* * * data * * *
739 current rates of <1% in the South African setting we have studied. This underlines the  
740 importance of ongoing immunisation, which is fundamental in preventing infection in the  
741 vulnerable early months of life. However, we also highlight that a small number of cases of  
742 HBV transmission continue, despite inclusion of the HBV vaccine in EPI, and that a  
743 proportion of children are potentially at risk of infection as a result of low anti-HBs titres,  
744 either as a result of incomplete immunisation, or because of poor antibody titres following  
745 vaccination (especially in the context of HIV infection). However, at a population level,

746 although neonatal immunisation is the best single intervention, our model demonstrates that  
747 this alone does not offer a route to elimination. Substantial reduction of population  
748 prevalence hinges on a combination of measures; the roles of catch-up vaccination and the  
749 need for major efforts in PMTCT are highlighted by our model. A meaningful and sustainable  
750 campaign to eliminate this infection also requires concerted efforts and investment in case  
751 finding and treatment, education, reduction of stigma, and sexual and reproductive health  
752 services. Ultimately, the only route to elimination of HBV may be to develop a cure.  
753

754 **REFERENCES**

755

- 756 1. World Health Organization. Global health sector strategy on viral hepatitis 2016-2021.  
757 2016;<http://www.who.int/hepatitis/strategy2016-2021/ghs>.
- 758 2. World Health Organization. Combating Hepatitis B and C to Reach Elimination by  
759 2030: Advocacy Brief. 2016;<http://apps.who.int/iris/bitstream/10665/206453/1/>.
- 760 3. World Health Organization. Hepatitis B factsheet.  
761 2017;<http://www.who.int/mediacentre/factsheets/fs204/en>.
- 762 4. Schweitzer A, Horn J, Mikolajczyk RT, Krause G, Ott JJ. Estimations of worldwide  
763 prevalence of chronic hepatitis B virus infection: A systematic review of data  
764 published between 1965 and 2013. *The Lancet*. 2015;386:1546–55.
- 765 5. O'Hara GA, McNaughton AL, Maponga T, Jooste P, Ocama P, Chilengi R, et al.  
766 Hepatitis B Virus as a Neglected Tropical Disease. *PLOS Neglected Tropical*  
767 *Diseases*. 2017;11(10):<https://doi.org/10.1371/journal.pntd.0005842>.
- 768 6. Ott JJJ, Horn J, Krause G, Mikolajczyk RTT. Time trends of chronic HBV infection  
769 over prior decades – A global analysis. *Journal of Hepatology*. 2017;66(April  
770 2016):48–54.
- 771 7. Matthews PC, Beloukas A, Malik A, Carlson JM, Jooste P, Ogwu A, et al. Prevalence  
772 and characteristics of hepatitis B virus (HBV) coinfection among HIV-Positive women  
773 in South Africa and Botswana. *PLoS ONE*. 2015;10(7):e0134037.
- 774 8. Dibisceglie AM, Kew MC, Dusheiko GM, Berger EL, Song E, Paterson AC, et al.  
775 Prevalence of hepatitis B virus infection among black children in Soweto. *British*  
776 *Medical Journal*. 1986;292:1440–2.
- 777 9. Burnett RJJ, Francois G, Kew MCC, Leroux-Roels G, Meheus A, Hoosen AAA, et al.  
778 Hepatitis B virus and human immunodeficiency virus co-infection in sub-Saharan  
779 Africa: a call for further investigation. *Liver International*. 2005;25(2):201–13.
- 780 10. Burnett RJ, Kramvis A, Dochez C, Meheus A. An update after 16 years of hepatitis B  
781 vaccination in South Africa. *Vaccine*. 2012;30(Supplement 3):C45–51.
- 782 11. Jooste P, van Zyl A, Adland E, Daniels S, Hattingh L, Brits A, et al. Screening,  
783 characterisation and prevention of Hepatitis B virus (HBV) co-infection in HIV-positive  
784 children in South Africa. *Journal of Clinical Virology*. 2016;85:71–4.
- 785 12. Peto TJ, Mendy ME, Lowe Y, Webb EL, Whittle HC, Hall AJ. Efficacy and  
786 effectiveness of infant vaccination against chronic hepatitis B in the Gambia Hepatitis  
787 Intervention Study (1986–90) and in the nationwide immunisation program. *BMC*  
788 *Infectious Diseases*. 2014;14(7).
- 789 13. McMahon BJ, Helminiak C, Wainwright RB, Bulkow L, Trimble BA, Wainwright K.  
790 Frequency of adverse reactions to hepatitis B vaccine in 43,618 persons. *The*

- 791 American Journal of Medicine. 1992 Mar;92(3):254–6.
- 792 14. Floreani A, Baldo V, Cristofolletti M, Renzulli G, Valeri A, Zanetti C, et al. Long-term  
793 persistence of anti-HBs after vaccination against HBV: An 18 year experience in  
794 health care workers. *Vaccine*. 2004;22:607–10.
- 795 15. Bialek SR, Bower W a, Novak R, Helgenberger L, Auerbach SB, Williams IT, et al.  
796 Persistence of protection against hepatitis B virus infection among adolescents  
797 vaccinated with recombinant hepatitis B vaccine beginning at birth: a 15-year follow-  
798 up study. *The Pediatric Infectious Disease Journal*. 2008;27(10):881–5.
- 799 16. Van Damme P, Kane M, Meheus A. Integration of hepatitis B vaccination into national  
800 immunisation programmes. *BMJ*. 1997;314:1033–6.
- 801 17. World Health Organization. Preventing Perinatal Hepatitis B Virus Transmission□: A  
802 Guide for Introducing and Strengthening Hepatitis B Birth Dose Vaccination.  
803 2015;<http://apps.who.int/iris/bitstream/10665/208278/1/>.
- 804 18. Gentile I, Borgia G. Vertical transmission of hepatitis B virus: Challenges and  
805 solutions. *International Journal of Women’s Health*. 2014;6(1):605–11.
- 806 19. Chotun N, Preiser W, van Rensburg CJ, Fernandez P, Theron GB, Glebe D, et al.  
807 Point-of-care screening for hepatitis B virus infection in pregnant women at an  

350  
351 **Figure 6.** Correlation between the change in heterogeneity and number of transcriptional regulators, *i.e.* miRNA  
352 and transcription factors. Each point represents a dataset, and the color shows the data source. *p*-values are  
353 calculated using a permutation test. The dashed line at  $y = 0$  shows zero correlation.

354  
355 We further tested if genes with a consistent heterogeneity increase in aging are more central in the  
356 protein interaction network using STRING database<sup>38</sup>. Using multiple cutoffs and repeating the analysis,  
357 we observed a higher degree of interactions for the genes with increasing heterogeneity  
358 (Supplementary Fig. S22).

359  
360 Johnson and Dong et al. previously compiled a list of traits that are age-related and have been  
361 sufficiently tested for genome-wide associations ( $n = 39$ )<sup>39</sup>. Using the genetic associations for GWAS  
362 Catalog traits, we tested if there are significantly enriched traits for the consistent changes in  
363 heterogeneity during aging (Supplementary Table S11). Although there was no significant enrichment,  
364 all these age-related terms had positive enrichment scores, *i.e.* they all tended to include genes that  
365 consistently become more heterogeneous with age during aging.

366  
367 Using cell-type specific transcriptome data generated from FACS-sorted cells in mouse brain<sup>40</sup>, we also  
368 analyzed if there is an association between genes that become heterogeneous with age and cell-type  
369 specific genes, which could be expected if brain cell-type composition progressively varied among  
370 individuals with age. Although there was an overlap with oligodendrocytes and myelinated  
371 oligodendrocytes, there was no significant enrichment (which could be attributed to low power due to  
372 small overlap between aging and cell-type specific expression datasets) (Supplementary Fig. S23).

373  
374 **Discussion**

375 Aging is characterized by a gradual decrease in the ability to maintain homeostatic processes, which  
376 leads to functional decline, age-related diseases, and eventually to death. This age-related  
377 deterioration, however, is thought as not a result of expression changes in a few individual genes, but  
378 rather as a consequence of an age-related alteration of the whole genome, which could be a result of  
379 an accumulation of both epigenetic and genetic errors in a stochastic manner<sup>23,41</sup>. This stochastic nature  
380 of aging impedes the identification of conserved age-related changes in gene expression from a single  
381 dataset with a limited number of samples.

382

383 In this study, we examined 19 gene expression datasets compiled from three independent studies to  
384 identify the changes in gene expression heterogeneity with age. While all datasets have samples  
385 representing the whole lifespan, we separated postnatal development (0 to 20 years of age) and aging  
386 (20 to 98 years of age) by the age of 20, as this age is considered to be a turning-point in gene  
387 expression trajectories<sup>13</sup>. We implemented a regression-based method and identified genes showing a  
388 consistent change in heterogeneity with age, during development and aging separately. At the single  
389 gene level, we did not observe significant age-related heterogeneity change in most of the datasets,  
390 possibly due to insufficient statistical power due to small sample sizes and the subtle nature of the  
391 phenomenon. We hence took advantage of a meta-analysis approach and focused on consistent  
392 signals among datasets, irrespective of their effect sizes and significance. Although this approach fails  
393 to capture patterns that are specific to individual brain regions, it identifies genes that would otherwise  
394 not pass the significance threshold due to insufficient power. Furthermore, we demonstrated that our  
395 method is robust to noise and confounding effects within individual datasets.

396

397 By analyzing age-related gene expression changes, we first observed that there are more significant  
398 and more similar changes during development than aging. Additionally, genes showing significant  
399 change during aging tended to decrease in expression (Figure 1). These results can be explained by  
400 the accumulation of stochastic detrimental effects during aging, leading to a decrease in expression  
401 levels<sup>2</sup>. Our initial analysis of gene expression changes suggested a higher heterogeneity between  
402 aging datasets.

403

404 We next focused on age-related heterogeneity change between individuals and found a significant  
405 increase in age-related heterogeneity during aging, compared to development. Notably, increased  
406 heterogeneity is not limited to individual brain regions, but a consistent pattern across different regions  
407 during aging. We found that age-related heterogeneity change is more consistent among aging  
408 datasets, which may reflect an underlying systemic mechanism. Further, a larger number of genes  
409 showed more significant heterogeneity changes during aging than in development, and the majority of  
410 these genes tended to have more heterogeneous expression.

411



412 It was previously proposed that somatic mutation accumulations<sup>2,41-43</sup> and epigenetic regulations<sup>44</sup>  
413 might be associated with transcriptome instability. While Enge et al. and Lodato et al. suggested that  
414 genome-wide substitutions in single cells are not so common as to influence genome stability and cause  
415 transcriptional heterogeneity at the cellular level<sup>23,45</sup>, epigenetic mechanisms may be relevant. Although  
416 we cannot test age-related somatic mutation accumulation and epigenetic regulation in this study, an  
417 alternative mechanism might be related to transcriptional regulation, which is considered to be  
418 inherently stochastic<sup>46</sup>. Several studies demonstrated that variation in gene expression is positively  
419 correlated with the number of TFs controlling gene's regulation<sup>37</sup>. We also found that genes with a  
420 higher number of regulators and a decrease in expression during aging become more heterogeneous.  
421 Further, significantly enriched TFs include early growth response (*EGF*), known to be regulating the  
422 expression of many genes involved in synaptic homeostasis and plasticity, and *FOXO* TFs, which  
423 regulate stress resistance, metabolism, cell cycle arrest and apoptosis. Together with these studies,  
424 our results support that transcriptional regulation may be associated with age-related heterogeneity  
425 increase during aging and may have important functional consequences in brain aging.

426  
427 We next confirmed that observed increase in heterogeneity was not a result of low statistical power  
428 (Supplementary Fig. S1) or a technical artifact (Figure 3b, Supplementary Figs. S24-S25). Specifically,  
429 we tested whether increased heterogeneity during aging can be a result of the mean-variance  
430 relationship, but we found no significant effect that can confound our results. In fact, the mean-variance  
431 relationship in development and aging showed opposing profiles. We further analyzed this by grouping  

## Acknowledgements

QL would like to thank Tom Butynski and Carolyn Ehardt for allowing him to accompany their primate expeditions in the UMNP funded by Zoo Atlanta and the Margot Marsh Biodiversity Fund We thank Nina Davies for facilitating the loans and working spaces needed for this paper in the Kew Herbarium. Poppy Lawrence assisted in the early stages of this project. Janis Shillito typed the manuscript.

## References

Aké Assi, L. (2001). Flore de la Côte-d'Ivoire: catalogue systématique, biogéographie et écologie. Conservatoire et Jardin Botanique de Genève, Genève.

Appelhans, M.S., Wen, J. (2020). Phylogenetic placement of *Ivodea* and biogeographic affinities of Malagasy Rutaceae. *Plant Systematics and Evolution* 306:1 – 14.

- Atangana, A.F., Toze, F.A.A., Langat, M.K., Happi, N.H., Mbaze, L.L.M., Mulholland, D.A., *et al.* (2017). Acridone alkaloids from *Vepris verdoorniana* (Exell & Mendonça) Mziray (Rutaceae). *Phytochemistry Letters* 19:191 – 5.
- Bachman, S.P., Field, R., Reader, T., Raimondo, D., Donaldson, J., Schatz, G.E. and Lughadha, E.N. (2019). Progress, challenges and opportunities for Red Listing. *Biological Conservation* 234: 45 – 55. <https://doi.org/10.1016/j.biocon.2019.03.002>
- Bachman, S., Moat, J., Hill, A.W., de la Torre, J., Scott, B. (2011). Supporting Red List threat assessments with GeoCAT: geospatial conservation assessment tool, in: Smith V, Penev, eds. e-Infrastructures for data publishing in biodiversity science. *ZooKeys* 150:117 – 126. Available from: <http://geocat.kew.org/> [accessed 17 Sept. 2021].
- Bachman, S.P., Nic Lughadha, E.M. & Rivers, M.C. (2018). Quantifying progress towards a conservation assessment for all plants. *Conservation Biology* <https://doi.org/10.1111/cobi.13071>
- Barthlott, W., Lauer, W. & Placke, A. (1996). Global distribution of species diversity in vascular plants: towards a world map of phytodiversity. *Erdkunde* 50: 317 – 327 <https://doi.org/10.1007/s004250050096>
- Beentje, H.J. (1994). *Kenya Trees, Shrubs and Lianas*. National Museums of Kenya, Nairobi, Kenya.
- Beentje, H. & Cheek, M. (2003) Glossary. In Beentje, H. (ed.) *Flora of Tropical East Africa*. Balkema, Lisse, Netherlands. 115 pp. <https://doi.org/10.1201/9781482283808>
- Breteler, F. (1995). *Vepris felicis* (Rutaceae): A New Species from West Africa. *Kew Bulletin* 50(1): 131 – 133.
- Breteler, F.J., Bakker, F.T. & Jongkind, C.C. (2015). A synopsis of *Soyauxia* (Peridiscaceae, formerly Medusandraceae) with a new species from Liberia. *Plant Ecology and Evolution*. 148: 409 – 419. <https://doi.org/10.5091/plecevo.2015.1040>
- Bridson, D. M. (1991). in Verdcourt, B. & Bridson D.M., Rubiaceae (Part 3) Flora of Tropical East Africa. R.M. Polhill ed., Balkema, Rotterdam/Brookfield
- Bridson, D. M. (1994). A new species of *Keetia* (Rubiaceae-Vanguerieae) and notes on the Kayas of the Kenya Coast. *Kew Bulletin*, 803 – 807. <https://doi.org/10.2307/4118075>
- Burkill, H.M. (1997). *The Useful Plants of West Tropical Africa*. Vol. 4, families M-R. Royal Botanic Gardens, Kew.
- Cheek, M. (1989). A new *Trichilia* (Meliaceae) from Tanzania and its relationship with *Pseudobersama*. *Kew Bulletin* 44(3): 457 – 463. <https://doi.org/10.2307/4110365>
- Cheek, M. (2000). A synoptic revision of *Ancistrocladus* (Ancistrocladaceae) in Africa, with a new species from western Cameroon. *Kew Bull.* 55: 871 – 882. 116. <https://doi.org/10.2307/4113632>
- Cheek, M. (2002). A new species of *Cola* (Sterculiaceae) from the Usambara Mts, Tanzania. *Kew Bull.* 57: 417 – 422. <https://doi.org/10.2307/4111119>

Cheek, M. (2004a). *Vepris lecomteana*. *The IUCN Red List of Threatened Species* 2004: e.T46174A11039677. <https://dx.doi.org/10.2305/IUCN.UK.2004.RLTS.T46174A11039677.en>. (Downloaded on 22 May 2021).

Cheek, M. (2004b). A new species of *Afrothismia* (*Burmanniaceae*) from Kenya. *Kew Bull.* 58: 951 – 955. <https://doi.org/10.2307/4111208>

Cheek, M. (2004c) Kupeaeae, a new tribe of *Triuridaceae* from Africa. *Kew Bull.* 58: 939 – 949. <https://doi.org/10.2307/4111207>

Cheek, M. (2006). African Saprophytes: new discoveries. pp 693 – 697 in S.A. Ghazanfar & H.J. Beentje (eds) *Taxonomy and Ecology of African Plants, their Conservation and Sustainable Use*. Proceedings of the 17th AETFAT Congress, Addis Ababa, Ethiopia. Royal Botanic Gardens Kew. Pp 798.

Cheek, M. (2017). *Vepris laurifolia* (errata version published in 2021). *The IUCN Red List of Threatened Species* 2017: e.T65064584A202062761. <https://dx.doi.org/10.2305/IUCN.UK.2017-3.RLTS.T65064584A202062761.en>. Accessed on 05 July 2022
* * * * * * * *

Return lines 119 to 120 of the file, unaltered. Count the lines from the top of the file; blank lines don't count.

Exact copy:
399 change during aging tended to decrease in expression (Figure 1). These results can be explained by  
400 the accumulation of stochastic detrimental effects during aging, leading to a decrease in expression  